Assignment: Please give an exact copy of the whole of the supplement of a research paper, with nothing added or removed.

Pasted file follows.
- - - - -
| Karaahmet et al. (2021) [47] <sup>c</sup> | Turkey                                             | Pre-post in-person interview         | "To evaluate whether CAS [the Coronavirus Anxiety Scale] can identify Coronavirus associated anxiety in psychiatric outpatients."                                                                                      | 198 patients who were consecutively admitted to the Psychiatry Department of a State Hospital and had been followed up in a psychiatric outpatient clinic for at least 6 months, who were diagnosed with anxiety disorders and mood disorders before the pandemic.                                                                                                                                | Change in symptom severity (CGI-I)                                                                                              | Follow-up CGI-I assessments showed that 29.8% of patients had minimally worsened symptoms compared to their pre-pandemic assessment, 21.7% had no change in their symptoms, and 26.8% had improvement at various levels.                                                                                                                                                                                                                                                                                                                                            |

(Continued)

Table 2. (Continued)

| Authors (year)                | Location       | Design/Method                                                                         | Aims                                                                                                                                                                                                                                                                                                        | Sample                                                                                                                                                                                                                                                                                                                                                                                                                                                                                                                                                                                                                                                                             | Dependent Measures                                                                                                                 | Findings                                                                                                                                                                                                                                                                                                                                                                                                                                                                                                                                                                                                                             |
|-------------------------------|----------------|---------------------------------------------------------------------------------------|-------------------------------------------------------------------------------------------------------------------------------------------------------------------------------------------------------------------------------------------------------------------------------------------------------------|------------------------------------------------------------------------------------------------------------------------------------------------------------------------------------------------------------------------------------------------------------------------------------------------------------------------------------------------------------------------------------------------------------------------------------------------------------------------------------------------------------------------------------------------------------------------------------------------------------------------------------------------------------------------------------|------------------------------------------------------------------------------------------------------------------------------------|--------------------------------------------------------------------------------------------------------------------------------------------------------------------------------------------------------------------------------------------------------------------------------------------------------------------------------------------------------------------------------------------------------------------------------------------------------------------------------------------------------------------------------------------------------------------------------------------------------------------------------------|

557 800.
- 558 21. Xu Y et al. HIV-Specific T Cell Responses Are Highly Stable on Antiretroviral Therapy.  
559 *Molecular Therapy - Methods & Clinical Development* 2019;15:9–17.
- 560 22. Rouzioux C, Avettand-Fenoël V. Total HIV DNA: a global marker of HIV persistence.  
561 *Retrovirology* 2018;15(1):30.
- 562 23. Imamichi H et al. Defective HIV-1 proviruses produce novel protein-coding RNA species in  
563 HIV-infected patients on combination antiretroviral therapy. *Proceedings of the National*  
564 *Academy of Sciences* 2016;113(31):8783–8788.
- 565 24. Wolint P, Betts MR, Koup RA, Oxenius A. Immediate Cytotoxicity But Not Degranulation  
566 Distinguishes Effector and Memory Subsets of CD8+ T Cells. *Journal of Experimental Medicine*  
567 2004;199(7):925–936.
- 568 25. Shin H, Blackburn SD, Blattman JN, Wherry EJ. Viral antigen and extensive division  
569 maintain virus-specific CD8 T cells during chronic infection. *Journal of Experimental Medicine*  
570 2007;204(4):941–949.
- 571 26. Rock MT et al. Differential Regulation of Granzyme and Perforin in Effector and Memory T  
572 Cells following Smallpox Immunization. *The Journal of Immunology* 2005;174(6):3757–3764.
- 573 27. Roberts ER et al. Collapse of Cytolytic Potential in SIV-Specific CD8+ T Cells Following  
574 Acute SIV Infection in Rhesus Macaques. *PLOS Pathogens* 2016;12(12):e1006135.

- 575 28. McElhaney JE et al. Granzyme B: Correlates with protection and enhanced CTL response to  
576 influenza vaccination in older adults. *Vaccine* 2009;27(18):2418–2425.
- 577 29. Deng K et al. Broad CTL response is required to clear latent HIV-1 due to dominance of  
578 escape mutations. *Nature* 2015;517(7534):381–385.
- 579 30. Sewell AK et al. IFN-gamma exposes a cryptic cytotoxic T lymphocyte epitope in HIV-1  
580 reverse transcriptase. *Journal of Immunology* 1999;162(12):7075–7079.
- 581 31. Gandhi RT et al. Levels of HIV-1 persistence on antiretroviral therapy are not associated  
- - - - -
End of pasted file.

| Karaahmet et al. (2021) [47] <sup>c</sup> | Turkey                                             | Pre-post in-person interview         | "To evaluate whether CAS [the Coronavirus Anxiety Scale] can identify Coronavirus associated anxiety in psychiatric outpatients."                                                                                      | 198 patients who were consecutively admitted to the Psychiatry Department of a State Hospital and had been followed up in a psychiatric outpatient clinic for at least 6 months, who were diagnosed with anxiety disorders and mood disorders before the pandemic.                                                                                                                                | Change in symptom severity (CGI-I)                                                                                              | Follow-up CGI-I assessments showed that 29.8% of patients had minimally worsened symptoms compared to their pre-pandemic assessment, 21.7% had no change in their symptoms, and 26.8% had improvement at various levels.                                                                                                                                                                                                                                                                                                                                            |

(Continued)

Table 2. (Continued)

| Authors (year)                | Location       | Design/Method                                                                         | Aims                                                                                                                                                                                                                                                                                                        | Sample                                                                                                                                                                                                                                                                                                                                                                                                                                                                                                                                                                                                                                                                             | Dependent Measures                                                                                                                 | Findings                                                                                                                                                                                                                                                                                                                                                                                                                                                                                                                                                                                                                             |
|-------------------------------|----------------|---------------------------------------------------------------------------------------|-------------------------------------------------------------------------------------------------------------------------------------------------------------------------------------------------------------------------------------------------------------------------------------------------------------|------------------------------------------------------------------------------------------------------------------------------------------------------------------------------------------------------------------------------------------------------------------------------------------------------------------------------------------------------------------------------------------------------------------------------------------------------------------------------------------------------------------------------------------------------------------------------------------------------------------------------------------------------------------------------------|------------------------------------------------------------------------------------------------------------------------------------|--------------------------------------------------------------------------------------------------------------------------------------------------------------------------------------------------------------------------------------------------------------------------------------------------------------------------------------------------------------------------------------------------------------------------------------------------------------------------------------------------------------------------------------------------------------------------------------------------------------------------------------|

557 800.
- 558 21. Xu Y et al. HIV-Specific T Cell Responses Are Highly Stable on Antiretroviral Therapy.  
559 *Molecular Therapy - Methods & Clinical Development* 2019;15:9–17.
- 560 22. Rouzioux C, Avettand-Fenoël V. Total HIV DNA: a global marker of HIV persistence.  
561 *Retrovirology* 2018;15(1):30.
- 562 23. Imamichi H et al. Defective HIV-1 proviruses produce novel protein-coding RNA species in  
563 HIV-infected patients on combination antiretroviral therapy. *Proceedings of the National*  
564 *Academy of Sciences* 2016;113(31):8783–8788.
- 565 24. Wolint P, Betts MR, Koup RA, Oxenius A. Immediate Cytotoxicity But Not Degranulation  
566 Distinguishes Effector and Memory Subsets of CD8+ T Cells. *Journal of Experimental Medicine*  
567 2004;199(7):925–936.
- 568 25. Shin H, Blackburn SD, Blattman JN, Wherry EJ. Viral antigen and extensive division  
569 maintain virus-specific CD8 T cells during chronic infection. *Journal of Experimental Medicine*  
570 2007;204(4):941–949.
- 571 26. Rock MT et al. Differential Regulation of Granzyme and Perforin in Effector and Memory T  
572 Cells following Smallpox Immunization. *The Journal of Immunology* 2005;174(6):3757–3764.
- 573 27. Roberts ER et al. Collapse of Cytolytic Potential in SIV-Specific CD8+ T Cells Following  
574 Acute SIV Infection in Rhesus Macaques. *PLOS Pathogens* 2016;12(12):e1006135.

- 575 28. McElhaney JE et al. Granzyme B: Correlates with protection and enhanced CTL response to  
576 influenza vaccination in older adults. *Vaccine* 2009;27(18):2418–2425.
- 577 29. Deng K et al. Broad CTL response is required to clear latent HIV-1 due to dominance of  
578 escape mutations. *Nature* 2015;517(7534):381–385.
- 579 30. Sewell AK et al. IFN-gamma exposes a cryptic cytotoxic T lymphocyte epitope in HIV-1  
580 reverse transcriptase. *Journal of Immunology* 1999;162(12):7075–7079.
- 581 31. Gandhi RT et al. Levels of HIV-1 persistence on antiretroviral therapy are not associated  